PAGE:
High school also prepares you to figure out your place in a group and your sense of personal identity and style. I was able to do this to some extent with my friends online, and to a much lesser degree with my friends at church. But it’s really hard to “place” yourself in the world when your options for self-expression are limited by rules or lack of exposure. For instance, I was able to forge a bit of identity by getting into anime and talking with my friends online about it. On the other hand, I had very little to work with in terms of wardrobe choices. I was a tomboy stuck in a prairie skirt.
It was not until my senior year of college that I felt like I had a coherent sense of self. If I were able to be a teenager again right now, I’d be into Katy Perry, wearing jeans and cargo pants, dyeing my hair blue and playing with makeup. I’d go to concerts and the beach. I’d have a boyfriend. I’d go to the mall. I’d play basketball and be saving up my money for a car. But I’d also still read all the time, play around in the woods, and bike for fun. I do all these things now (except play basketball or dye my hair blue – although I wish I could!). But doing them back then could have given me a much more grounded sense of identity and probably would have kept me mentally healthier. It’s a real (bad) trip constantly scrutinizing everything you like or want to see if it meshes with the Bible. Since the Bible doesn’t really make definitive statements about Katy Perry or blue hair, I would be stuck comparing my desires to the “modest” girls around me and coming up short. I used to take endless quizzes on the internet to figure out my own personality. It would have been easier to buy a pair of jeans.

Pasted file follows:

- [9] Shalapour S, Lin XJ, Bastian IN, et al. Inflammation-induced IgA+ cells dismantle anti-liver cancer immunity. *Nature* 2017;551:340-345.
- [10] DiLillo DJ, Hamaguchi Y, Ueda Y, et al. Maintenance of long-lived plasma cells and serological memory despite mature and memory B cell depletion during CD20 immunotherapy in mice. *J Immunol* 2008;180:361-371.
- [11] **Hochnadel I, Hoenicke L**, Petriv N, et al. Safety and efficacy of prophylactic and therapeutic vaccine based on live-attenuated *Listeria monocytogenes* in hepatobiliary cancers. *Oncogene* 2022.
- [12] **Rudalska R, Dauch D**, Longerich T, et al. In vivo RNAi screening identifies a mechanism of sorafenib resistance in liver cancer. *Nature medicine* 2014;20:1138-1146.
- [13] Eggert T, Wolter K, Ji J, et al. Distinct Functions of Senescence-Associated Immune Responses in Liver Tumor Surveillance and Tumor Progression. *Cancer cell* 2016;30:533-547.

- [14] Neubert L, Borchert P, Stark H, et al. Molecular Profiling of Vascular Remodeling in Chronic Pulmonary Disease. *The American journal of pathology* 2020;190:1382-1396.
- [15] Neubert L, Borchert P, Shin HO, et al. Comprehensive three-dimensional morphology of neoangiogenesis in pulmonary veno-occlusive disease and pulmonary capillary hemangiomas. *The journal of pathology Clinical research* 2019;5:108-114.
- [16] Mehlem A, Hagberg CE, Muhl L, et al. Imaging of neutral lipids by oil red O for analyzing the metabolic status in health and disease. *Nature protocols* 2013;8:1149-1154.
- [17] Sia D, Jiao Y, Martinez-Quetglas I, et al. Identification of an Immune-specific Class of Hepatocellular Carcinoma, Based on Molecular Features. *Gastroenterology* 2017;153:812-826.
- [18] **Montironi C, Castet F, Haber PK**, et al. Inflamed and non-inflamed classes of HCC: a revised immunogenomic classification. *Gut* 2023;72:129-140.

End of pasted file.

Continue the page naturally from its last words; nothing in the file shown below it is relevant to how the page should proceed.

As a side note, I gained a bunch of weight during puberty. If I had gone to school, I could have worked that off playing sports. As it was, my mother would tell me to “run up and down the stairs” or “pick up sticks” in the backyard. She was convinced that housework was all the exercise a woman really needed, and that paying for a gym membership was stupid. As a result, I was physically inactive much longer than I wanted to be (although I did bike nearly every day, skirt or no skirt). A school would have given me a place to exercise my body as well as my mind.
Lastly, not having gone to high school cuts me off from a sense of regional identity. If I’d been in the same school district for high school, I’d have a cultural bank filled with stories about my local town, driving to the Jersey Shore, eating at greasy spoons, hanging out at parks, going to the same movie theater with my friends, etc. I would have that ironic sense of school pride where you’re openly humiliated by your team mascot but enjoy exercising your right to make fun of it.
My life isn’t crippled by the absence of these memories, especially since I have been able to transplant most of them onto my college experience (where I did go to a hilariously bad dance, have an awkward first date, and despair over our pathetic football team). Thing is, this all could have really helped me during that confusing period of trying to figure out who the heck I was, when everybody but me seemed to have a personality. I recognize this now as typical teenage angst and individuation, and know that I’m not at all alone in having felt that way. But it would have been so much easier if all these tools had been within my reach.